Say howdy to George Carter, and thank him for taking the pistol from you when you were shooting at me.

From your old servant,
Jourdon Anderson.

Look at that. That’s from 1865. To me it’s amazing, and it’s pretty fortunate that the letter resurfaced right at the beginning of the BEST BLACK HISTORY MONTH EVER. Just read it. First of all….this was a Black man who mastered passive-aggressive trolling almost 150 years ago. He’s like this blog’s direct predecessor. The sarcasm here is so amazing. And this guy is so freaking BALLSY. He asked for $11k in back pay….which in today’s dollars is about $250,000. This dude asked for a QUARTER MILLION dollars from his old master a few months before slavery was even made illegal throughout the states. It’s crazy…you can almost see the sneer on Jourdon’s face as he dictated this to whomever was literate enough to write it. It made my day. He was like…the first Black comedian.

Jourdon Anderson?

This significance and context of this letter really had me floored. But of course, there were those who doubted its authenticity. It seemed too perfectly timed, and too well-done to be authentic. But then I did some digging, and found out where some others had done some digging, and found out that it seems to be pretty legit. At least Jourdon Anderson was a real person, and the master he wrote to was real. I found that the letter was a part of a collection done by abolitionist Lydia Maria Child called “The Freedmen’s Book.” It was published in 1865 and entered into the public domain when it became part of the Library of Congress. Actually the full text can be found here. I even got it in Kindle form! This collection has some real gems, and really gives a sense of what the world looked like to all sides; slaves, abolitionists, racists, etc. and keeps us from always having to rely on conjecture in wondering what the world looked like. There are great stories about folks like Benjamin Banneker and some lesser-known folks like our hero Jourdon Anderson. Did you know that Banneker produced the first American almanac? One that Thomas Jefferson based his more famous series of almanacs on? This thing has some amazing poems and is a treasure trove unexplored, for the most part.

I found the story of a brilliant slave named George Horton to be pretty amazing. This was a man who lived in my beloved Chapel Hill, one of the most liberal towns in the state, and home of the very liberal University of Chapel Hill, who was a slave denied his freedom and who died trying to make enough money from his poetry to set himself free. An excerpt from one of his poems:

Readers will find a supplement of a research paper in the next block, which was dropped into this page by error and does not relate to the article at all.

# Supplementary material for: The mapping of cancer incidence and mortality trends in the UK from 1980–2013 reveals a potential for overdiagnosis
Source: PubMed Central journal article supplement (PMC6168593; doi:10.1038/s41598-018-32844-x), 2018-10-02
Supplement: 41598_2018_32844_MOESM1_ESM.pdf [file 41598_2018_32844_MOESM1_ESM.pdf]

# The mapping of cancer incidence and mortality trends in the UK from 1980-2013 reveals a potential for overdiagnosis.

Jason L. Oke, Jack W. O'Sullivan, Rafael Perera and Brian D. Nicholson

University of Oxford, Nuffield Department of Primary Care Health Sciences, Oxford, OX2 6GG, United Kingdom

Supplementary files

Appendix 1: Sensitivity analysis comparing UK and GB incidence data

“Say unto foul oppression, Cease!Ye tyrants, rage no more;
And let the joyful trump of peaceNow bid the vassal soar.
“O Liberty! thou golden prize,So often sought by blood,
We crave thy sacred sun to rise,The gift of Nature’s God.
“Bid Slavery hide her haggard face,And barbarism fly;
I scorn to see the sad disgrace,In which enslaved I lie.
“Dear Liberty! upon thy breastI languish to respire;
And, like the swan unto her nest,I’d to thy smiles retire.”
And they said we were an inferior race? This man could have been Shakespeare in another time…and another skin. Another poem from him:
Creation fires my tongue!Nature, thy anthems raise,
And spread the universal songOf thy Creator’s praise.
When each revolving wheelAssumed its sphere sublime,
Submissive Earth then heard the peal,And struck the march of time.
The march in heaven begun,And splendor filled the skies,
When Wisdom bade the morning sunWith joy from chaos rise.
The angels heard the tuneThroughout creation ring;
They seized their golden harps as soon,And touched on every string.
When time and space were young,And music rolled along,
The morning stars together sung,And heaven was drowned in song.
Look, I don’t want to post everything from the book on here, but this is DEFINITELY something we didn’t get to see in our Black History Month lessons in class. At the very least it’s inspiration. Inspiration that even from the time of slavery, we have been striving to be more, despite setbacks meant to cripple and destroy. Sometimes I just need motivation, and seeing the stories of these folks who literally had nothing inspires me. There are also letters from whites so full of hatred that you can be certain that it’s impossible that all of that hatred has gone away in a mere 150 years. These letters show both how far we’ve come…and how far we have to go. They truly do give a bit of an insight on what Black Excellence really means. And for that I am appreciative. Enjoy them, and get them on Kindle. They’re free!
Namaste,